This month our Bible reading plan takes us to the Minor Prophets. To help us assemble these books and understand their message, here are a number of resources to Zechariah, the first book of The Twelve. You can find more information about the Minor Prophets here.
Like Haggai, Zechariah is a book with clear historical references. It begins by saying “in the eighth month, in the second year of Darius, the word of the Lord came to the prophet Zechariah” (1:1). Zechariah 1:7 places the seven or eight night visions (see below) in the eleventh month of the same year. Zechariah 7:1 indicates a word from the Lord in the fourth year of King Darius. From these historical references, it is evident that Zechariah is a contemporary of Haggai and a prophet whom the Lord used to spur on the construction of the temple in 515 B.C.
The second section of Zechariah (chs. 9–14) forecast events in the future, but that does not signify a difference in time or authorship. As the ESV Study Bible puts it, bringing both sections together:
Zechariah began his ministry in 520 B.C., shortly after Haggai had begun his prophetic work, and there are many points of contact between Haggai and Zechariah 1–8. Both contain precise date formulas for their oracles and address the need to rebuild the temple, along with giving reassurance that God will bless his people for their faithfulness.
Zechariah 9–14 is different in style and content from the earlier chapters, showing more similarities to the later book of Malachi. Some scholars therefore claim that it was written by a different author at a different time. But the evidence in the text can be explained equally well if Zechariah himself wrote those chapters significantly later, perhaps in the fifth century B.C., when different needs surfaced within the community of God’s people.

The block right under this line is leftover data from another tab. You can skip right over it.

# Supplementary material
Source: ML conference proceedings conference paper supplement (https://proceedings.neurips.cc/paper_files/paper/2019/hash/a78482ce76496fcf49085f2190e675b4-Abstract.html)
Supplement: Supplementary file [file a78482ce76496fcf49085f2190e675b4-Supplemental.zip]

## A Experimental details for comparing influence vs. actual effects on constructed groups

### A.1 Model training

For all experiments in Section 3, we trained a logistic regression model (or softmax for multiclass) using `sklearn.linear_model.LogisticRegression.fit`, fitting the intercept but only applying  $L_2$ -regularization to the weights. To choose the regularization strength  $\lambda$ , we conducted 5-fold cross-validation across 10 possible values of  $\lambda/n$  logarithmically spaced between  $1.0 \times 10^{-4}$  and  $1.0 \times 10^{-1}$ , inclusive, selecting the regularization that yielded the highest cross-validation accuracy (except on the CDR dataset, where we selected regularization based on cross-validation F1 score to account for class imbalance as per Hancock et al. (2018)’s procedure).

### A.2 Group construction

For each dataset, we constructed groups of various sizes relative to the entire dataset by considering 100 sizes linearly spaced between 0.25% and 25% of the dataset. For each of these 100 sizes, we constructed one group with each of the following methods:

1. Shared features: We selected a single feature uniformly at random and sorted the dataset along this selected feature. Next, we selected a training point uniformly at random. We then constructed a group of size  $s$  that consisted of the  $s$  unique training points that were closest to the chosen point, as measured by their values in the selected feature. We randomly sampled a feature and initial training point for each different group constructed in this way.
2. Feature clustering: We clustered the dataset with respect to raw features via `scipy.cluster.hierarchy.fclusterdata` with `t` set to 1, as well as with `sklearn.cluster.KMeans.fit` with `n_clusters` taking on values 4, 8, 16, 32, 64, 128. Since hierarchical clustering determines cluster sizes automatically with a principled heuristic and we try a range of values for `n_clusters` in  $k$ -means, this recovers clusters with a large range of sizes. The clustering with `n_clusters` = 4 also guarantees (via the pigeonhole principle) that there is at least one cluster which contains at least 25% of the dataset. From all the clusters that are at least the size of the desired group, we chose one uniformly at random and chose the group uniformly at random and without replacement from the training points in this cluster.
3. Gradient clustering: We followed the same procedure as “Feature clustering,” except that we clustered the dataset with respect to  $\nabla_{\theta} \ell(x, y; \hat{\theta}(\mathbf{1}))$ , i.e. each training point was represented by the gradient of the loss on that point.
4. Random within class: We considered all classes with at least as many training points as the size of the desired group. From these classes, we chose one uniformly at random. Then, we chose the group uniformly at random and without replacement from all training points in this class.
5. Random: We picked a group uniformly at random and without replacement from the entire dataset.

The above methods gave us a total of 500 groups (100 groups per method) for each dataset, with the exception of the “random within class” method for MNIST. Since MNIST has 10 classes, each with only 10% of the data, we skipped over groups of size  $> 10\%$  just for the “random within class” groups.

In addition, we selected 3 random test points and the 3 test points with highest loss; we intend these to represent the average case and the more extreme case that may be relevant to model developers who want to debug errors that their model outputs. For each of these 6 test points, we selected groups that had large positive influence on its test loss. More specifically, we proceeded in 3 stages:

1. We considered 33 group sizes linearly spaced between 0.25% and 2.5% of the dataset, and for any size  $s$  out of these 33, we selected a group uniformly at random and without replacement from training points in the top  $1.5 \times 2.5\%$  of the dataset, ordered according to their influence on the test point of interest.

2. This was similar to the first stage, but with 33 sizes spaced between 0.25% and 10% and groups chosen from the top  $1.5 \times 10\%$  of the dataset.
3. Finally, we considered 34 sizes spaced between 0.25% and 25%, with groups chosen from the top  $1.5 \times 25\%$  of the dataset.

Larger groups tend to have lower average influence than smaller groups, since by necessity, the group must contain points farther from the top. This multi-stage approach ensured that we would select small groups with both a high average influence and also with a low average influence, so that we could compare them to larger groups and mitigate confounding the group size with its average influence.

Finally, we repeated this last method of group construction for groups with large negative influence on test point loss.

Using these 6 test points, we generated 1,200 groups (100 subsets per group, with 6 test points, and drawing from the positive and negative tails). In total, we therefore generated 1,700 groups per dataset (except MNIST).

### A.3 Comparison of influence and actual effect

An Outline of Zechariah
The Message of the Twelve provides a good overview of the three sections to Zechariah (p. 287):
|Zechariah 1–6||Zechariah 7–8||Zechariah 9–14|
|Prophetic Vision Reports:
The prophet receives revelation in the form of visions and then provides explanation of visual elements.
|Calls to Repentance:
The prophet calls for the people to practice justice and offers promises of future blessings of Israel as positive motivation for change.
|Prophetic Oracles of Salvation:
Promises of Israel’s future salvation and portrayals of what the future kingdom will be like.
- An Historical Introduction (1:1–6)
- Eight Visions + One Bonus Vision (1:7–6:15)
- Conclusion (7:1–8:23)
- The people ask about the timing of God’s kingdom (7:1–14)
- The Lord calls for the people to keep covenant (8:1–23)
- Images of the Messianic Kingdom (9:1–14:23)
- Part 1
- The coming kingdom (9:1–10:12)
- The rejection of the shepherd (11:1–17)
- Part 2
- Justice Restored to Jerusalem (12:1–13:9)
- The Promise of a New Eden (14:1–23)
- Part 1
The Eight Visions + One Bonus Vision
|Four Horseman on Patrol
|Four Horns – Assyria and Babylon driven out by Persia
|Temple measured and rebuilt
|Joshua the Priest Cleansed
|The Priest is Crowned
|Four Horseman on Patrol
|Woman (Babylon) driven out
|Scroll measuring the New Jerusalem
|Two Olive Branches = Priest + King
- Oracles and Visions (1:1–8:23)
- Introduction: return to me and I will return to you (1:1–6)
- Eight night visions and a sign-act (1:7–6:15)
- Vision one: the Lord’s hidden horsemen (1:7–17)
- Vision two: Judah’s oppressors oppressed (1:18–21)
- Vision three: Jerusalem unwalled (2:1–13)
- Vision four: the reclothing of Joshua (3:1–10)
- Vision five: the olive trees and the lampstand (4:1–14)
- Vision six: the flying scroll—wickedness judged (5:1–4)
- Vision seven: the flying ephah—wickedness removed (5:5–11)
- Vision eight: the Lord’s army on the move (6:1–8)
- A sign-act: the crowning of Joshua (6:9–15)
- From fasts to feasts (7:1–8:23)
- The Return of the King (9:1–14:21)
- The first oracle: leaders and their people (9:1–11:17)
- The second oracle: the people and their leaders (12:1–14:21)